Lunchtime Links: Your Conference Isn’t as Cool as You Think It Is
How to distinguish your next conference from the competition. Plus: Advancing your career at the office holiday party.
How to distinguish your next conference from the competition. Plus: advancing your career at the office holiday party.
You’ve just finished hosting a successful event or conference. Take some time to enjoy the moment. But before you go patting yourself on the back, ask yourself if your attendees really got everything they came for. How to create a unique conference experience, and more, in today’s Lunchtime Links.
Stand out: With the amount of time event planners and others in your organization put in to planning conferences, it’s only natural to think you’ve established the gold standard for your industry. But do your attendees see it that way? Writing for Velvet Chainsaw’s Midcourse Corrections blog, consultant Jeff Hurt says the perception often differs from reality. “Too often conference hosts and organizers have a great disconnect between how much they believe their conference experience is unique and how unique their attendees actually think it is.” Hurt poses three questions to ask when attempting to differentiate your organization’s programs from the competition—including identifying areas where you can “win in the marketplace” and highlighting those to potential attendees. What does your organization do to provide a unique event experience?
Party power: It’s December, and if you haven’t had your office holiday party yet, chances are it’s right around the corner. These events can be a lot of fun—too much fun for some folks (we’ve all seen a few dance moves we’d rather forget). But the annual holiday party is more than just a well-deserved excuse to cut loose with coworkers. In a Lifehacker article cowritten with Syndio Social CEO Zachary Johnson, workplace author Elizabeth Grace Saunders says these gatherings can be a surefire way to advance your career. Rather than just focusing on fun, Saunders suggests you spend time meeting and talking with key people with whom you don’t normally interact. “It’s comfortable to make yourself cozy in the center of a group that already knows you, but that won’t lead to the kind of meaningful connections that can help you get more done in the coming year,” she writes. Do you have plan to advance your career in 2014?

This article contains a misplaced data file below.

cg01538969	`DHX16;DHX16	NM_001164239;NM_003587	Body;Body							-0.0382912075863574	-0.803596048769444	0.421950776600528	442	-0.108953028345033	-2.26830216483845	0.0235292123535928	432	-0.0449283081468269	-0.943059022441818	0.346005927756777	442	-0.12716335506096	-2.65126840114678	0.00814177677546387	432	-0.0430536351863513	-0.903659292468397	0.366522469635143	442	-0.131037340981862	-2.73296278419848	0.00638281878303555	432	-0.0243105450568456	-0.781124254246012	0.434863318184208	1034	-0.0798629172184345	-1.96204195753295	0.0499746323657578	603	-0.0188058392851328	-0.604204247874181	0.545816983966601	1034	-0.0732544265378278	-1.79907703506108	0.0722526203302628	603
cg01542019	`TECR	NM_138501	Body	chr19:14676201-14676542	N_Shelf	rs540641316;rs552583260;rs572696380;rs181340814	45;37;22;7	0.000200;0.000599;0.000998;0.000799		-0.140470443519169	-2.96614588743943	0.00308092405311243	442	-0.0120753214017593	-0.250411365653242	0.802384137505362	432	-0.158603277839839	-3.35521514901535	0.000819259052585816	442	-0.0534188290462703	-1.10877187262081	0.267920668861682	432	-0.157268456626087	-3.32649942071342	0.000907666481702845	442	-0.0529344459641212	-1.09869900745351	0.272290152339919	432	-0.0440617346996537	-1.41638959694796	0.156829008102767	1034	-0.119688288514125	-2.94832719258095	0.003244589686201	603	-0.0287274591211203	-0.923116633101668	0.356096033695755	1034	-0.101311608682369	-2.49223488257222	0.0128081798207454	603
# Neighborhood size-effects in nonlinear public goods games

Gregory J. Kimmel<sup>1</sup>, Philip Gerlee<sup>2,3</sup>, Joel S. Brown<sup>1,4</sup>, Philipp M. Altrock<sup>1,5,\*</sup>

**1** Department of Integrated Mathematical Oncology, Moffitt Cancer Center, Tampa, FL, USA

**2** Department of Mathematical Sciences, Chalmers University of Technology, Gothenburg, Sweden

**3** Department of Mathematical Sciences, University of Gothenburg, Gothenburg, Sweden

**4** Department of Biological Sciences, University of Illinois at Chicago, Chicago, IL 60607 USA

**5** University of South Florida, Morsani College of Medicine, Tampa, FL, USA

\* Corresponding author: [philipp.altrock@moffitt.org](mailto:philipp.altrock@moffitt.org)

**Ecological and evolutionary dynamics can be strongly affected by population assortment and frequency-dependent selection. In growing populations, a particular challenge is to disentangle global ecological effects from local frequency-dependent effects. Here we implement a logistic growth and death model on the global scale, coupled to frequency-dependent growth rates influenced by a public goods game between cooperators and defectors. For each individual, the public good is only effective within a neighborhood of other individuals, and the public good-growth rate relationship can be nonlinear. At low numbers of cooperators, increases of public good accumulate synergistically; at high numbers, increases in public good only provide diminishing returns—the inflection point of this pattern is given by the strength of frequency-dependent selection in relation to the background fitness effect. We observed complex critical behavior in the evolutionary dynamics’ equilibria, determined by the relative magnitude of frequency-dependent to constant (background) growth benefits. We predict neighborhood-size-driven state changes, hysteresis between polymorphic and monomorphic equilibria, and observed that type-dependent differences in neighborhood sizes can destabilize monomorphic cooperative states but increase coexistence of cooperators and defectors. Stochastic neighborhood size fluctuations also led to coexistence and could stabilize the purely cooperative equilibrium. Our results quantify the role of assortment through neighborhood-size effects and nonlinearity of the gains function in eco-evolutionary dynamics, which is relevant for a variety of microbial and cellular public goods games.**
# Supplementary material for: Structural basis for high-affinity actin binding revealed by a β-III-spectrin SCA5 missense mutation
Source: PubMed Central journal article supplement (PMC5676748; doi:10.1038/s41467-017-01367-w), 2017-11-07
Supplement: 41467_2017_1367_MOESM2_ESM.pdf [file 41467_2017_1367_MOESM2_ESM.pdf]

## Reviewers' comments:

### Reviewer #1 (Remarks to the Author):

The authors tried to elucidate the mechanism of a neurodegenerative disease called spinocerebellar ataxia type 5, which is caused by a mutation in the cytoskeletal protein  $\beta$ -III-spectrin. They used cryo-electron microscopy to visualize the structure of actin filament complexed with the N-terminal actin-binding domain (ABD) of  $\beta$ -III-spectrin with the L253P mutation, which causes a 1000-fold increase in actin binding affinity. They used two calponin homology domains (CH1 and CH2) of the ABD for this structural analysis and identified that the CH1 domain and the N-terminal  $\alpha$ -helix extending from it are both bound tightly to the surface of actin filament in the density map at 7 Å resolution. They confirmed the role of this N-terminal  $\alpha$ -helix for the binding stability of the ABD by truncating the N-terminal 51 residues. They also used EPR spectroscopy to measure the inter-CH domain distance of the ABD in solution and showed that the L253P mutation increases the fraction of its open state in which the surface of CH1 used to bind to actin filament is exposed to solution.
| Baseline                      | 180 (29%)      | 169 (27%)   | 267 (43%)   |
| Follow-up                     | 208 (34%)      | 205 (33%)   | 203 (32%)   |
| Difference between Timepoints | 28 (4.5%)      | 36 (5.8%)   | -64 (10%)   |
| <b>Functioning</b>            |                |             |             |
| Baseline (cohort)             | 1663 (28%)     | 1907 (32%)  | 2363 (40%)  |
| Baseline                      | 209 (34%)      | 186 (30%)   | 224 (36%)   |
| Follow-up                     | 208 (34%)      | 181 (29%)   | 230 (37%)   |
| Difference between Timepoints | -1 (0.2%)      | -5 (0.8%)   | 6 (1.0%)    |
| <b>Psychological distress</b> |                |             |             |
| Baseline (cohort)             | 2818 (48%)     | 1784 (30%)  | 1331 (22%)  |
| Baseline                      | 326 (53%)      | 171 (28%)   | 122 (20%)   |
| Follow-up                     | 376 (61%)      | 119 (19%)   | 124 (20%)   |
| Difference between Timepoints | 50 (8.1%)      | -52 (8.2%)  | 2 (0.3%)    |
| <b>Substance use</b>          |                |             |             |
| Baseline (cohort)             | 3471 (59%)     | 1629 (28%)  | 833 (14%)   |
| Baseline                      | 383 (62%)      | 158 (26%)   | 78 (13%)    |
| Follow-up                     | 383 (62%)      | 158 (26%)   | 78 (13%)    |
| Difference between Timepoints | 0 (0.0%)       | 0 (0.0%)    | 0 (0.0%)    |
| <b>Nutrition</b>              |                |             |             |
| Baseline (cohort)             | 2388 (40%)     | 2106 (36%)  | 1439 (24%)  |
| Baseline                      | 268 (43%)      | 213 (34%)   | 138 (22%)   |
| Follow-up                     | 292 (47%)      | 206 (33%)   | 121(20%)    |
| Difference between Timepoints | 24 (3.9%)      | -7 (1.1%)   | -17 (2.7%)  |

Break the mold: When I say “Xerox,” what’s the first image that pops into your head? If you said copiers, you’re not alone. In much the same way that Q-Tips are synonymous with cotton swabs or Google is with internet search, Xerox became an eponym for copies. While generally a good problem for a brand to have, that kind of instant identification can be troublesome when your organization seeks to diversify. In an article for Fast Company, writer David Zax highlights Xerox’s move from a copier maker to “an enterprise giant whose revenues come nearly as much from services (analytics, consulting, and the like) as from actual technology.” Specifically, Zax profiles the recent efforts of CTO Sophie Vandebroek, head of Xerox’s Innovations Group, whom he credits with infusing a fresh dose of creativity as the company has expanded into spaces like education. “[F]or the average person peering over Vandebroek’s shoulder during the course of a day at Xerox, you might be surprised to see the kind of creativity-fostering that we more commonly associate with small startups or ‘sexier’ tech companies like Google,” writes Zax. So, how did Xerox turn the corner? Zax pinpoints its client “dreaming sessions,” designed to get the company and its clients “to think more creatively about problems and solutions,” among other efforts.
What steps does your organization take to think outside the box? Tell us in the comments.